WAKEFIELD —— The developer of a proposed 106-unit residential project at 10 Broadway continues to work with the Zoning Board of Appeals on issues related to density and open space on the site.

With at least one voting member of the ZBA voicing opposition to the project based on size and density, the developer’s attorney, Brian McGrail, maintains that it would be financially difficult for his client to further reduce the size of the building, which has already been shrunk from the originally proposed 124-units to 106.

The current unit count is 26 below what would be allowed on the site, McGrail said. He also pointed out that his client’s proposal provides three times more open area than currently exists on the site. Furthermore, he argued, the proposal dramatically improves the quality of the opens area compared to what’s there now.

In addition, he said, 73 trees and 290 shrubs would be added to the site. McGrail also enumerated the ways in which the proposed project meets or exceeds the requirements of the Zoning Bylaw as well as where the project would need relief.

He maintained that the Broadway proposal compares favorably in many respects to the recently built projects at 175 North Ave and 69 Foundry St. He added that the project meets the requirements for parking and 19 of the 106 units will be affordable.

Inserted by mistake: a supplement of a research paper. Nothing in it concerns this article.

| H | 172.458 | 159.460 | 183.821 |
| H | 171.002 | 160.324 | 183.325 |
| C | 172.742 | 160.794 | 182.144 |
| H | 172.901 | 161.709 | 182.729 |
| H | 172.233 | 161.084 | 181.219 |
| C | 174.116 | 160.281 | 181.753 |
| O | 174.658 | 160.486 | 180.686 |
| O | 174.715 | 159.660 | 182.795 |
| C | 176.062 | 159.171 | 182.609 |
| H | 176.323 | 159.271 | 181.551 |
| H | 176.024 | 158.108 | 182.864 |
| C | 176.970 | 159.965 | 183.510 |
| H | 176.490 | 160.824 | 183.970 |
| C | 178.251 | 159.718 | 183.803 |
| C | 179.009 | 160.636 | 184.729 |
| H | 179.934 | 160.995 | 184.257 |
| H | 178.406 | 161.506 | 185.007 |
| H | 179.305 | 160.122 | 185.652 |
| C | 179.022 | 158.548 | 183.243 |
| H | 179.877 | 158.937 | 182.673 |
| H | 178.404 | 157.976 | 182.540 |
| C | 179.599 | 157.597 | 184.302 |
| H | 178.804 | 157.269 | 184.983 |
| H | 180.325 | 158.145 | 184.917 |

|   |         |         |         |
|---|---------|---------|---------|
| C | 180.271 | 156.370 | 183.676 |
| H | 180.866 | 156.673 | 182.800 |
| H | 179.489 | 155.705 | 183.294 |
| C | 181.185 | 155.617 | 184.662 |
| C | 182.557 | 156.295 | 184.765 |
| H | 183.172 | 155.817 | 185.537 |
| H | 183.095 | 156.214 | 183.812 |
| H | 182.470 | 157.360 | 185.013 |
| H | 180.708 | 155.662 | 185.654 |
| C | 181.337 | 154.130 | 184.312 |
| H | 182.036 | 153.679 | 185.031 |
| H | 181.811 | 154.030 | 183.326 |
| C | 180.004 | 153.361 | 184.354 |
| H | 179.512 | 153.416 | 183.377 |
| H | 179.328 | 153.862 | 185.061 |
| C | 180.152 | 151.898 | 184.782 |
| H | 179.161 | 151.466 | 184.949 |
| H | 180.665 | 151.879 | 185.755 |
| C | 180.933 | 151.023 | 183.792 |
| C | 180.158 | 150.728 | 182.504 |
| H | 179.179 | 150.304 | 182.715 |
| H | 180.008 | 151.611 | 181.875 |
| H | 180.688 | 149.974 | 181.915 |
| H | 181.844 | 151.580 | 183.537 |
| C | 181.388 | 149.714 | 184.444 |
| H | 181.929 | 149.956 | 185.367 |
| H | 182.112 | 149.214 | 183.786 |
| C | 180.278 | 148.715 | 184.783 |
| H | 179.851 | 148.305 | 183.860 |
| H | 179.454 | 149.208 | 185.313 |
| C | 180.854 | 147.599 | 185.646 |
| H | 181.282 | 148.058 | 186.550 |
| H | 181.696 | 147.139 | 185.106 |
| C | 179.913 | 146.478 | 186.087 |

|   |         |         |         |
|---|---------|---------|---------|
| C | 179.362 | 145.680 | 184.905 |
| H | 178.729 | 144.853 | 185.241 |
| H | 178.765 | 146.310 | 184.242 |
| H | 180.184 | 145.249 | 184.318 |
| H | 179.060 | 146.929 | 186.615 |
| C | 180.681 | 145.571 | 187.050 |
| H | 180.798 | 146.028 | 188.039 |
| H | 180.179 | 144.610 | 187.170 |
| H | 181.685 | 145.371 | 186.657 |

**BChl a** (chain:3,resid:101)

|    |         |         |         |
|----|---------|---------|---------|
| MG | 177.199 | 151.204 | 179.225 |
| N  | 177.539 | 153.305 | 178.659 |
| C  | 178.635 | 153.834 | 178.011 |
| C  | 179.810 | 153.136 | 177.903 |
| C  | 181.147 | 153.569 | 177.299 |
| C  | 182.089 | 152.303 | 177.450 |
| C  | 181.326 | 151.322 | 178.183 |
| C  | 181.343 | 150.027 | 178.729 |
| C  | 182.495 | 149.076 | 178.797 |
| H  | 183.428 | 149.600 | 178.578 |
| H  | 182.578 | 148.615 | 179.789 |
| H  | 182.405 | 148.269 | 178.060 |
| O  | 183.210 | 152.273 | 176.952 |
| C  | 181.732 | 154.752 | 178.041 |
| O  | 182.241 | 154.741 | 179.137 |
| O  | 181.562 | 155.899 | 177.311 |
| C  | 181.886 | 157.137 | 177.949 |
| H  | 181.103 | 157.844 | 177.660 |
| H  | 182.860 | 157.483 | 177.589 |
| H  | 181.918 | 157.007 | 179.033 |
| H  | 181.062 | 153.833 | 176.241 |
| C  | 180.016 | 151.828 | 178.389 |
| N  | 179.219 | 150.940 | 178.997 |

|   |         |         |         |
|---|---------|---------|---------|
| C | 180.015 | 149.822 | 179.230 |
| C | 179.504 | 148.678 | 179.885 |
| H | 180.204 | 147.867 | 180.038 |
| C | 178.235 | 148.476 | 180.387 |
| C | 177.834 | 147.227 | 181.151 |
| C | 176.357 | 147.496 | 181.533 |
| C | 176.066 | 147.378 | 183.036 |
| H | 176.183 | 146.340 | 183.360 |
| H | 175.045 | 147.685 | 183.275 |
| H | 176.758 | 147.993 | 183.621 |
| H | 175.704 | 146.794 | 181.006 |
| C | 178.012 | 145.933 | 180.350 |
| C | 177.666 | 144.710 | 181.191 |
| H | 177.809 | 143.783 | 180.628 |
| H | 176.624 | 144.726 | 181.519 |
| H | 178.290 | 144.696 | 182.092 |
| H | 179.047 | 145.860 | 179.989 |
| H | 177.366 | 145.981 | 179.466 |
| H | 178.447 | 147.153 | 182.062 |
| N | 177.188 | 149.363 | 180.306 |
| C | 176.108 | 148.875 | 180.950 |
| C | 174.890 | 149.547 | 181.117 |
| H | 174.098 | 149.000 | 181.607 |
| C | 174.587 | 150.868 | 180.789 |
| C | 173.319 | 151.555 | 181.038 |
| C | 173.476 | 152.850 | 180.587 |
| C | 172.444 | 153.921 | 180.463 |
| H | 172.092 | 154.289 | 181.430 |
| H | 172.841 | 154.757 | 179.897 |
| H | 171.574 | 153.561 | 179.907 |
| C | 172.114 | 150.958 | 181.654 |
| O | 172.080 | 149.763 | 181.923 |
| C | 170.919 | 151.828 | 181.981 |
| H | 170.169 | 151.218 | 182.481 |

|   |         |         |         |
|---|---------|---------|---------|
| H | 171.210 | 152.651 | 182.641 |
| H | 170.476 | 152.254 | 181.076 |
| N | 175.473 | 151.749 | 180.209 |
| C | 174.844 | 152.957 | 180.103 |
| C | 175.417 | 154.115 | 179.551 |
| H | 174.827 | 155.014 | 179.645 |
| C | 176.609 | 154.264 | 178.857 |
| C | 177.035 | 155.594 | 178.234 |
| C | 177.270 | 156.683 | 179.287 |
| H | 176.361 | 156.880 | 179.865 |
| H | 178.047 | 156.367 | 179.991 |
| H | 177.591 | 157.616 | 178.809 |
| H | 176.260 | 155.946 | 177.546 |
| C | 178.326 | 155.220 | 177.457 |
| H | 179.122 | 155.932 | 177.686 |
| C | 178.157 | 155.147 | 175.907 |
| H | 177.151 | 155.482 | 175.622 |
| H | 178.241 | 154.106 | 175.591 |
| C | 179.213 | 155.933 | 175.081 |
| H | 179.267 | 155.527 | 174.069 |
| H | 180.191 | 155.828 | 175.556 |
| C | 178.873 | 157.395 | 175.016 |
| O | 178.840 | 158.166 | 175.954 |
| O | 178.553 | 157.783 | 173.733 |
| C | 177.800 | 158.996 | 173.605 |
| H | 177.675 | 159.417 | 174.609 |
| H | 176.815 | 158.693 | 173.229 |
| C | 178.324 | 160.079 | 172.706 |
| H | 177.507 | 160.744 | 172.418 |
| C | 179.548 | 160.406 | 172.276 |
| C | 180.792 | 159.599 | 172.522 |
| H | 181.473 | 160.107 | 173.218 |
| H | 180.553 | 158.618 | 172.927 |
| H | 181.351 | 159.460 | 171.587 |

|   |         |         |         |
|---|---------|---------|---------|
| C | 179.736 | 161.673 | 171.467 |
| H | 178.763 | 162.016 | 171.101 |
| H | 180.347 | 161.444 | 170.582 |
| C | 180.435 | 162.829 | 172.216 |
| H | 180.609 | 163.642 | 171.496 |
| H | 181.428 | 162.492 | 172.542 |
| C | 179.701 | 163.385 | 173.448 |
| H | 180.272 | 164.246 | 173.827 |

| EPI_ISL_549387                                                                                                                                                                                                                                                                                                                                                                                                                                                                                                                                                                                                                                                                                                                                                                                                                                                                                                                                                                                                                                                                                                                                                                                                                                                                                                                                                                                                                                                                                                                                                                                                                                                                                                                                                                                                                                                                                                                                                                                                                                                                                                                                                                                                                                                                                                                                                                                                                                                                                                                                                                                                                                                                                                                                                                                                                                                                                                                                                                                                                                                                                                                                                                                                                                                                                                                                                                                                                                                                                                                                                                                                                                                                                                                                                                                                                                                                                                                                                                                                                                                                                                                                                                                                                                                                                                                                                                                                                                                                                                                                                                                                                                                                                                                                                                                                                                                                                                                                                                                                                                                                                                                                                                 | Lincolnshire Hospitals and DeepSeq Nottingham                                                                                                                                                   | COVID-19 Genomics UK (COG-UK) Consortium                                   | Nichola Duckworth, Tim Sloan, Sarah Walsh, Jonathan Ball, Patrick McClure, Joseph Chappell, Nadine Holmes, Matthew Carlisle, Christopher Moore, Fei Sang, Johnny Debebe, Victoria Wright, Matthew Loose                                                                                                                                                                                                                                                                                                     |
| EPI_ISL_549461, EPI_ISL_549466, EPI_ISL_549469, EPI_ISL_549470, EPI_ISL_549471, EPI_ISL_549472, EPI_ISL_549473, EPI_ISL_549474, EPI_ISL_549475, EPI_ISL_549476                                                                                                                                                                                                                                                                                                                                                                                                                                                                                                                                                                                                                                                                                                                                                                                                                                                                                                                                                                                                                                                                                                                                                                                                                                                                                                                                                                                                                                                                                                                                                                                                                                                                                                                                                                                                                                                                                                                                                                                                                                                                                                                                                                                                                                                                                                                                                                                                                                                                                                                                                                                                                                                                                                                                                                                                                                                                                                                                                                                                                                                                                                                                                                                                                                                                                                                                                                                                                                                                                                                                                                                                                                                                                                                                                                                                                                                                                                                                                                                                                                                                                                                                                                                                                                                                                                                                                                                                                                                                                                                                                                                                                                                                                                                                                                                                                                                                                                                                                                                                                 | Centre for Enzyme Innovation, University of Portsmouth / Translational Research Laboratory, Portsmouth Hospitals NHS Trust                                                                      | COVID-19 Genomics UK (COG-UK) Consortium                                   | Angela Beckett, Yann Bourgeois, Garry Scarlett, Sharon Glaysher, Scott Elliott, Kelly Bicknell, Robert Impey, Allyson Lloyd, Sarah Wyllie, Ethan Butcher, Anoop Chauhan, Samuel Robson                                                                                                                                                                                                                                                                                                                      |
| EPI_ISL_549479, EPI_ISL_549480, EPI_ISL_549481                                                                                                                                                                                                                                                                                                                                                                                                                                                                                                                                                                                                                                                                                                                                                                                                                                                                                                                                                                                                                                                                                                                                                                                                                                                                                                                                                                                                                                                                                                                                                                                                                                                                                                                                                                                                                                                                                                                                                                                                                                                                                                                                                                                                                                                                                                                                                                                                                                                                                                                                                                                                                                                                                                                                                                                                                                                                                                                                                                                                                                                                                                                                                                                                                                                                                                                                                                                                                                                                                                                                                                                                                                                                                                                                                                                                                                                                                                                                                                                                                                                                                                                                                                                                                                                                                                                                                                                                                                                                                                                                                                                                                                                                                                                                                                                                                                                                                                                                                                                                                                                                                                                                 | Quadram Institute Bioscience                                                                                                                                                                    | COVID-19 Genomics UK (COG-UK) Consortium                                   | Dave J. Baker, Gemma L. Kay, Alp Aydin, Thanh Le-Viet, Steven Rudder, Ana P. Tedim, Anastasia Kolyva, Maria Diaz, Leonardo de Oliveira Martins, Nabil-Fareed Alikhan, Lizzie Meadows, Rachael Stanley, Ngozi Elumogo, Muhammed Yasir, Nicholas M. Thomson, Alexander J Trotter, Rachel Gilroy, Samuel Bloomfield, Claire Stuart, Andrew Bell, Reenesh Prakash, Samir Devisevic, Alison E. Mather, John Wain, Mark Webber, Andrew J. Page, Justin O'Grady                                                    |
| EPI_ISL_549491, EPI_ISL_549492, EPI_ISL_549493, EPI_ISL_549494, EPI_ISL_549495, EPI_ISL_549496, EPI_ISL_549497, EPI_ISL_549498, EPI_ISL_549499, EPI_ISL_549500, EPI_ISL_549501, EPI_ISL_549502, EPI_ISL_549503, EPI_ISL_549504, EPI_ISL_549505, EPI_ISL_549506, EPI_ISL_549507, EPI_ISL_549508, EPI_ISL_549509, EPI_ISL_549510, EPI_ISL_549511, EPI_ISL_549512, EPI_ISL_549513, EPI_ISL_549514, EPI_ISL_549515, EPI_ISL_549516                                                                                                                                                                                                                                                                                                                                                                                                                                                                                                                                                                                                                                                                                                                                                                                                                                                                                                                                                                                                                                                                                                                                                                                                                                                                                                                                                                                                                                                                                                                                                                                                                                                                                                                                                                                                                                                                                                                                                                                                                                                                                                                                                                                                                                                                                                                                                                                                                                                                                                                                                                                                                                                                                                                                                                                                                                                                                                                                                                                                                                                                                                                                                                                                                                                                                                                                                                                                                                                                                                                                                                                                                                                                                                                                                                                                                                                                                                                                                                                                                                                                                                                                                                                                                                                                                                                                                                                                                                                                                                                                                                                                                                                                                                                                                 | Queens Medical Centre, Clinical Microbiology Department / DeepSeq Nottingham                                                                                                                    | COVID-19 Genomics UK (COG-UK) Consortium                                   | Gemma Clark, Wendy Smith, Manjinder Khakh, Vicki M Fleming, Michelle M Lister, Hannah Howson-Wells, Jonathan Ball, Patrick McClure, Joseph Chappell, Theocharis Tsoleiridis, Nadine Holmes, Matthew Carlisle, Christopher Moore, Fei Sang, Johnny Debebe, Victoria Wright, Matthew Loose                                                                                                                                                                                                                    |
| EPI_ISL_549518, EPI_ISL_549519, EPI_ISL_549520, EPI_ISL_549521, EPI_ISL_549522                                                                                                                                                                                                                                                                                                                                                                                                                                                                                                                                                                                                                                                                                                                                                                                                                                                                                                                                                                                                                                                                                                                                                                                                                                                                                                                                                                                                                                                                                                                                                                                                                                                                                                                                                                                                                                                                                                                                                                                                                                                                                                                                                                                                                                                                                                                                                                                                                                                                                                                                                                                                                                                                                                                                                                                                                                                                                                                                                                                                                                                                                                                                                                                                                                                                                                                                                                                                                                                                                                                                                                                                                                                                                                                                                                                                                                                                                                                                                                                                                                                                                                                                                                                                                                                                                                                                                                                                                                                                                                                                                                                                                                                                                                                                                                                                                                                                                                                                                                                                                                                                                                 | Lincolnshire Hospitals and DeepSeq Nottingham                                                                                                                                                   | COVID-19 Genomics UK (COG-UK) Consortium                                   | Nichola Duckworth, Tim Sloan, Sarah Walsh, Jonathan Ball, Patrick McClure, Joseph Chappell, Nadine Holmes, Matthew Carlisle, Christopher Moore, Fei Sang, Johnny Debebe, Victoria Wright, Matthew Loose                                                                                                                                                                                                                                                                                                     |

McGrail said that, knowing that there were still some lingering concerns over size and density, his client was planning to work further on the architecture to soften the massing and reduce the appearance of size.

In response to a question from the board, McGrail clarified that his client had agreed to provide the engineering that would reconfigure the intersection of Broadway and North Avenue in such a way as to allow a left turn from Broadway.

ZBA member Joe Pride said that he liked the proposed building and thought it would improve traffic in the area compared to the current use as a gym.

Board member Jim McBain observed that the proposed building continues a pattern of larger developments along Foundry Street and the railroad line, keeping them in their own district and away from the downtown and Main Street.

Board member Chip Tarbell said that the area needs an upgrade and he liked the proposed landscaping and planting plan.

“I like the building,” he said.

Chairman David Hatfield agreed that the project was “headed in the right direction.”

No one from the public offered any comment at the hearing.

The ZBA continued the public hearing to June 14.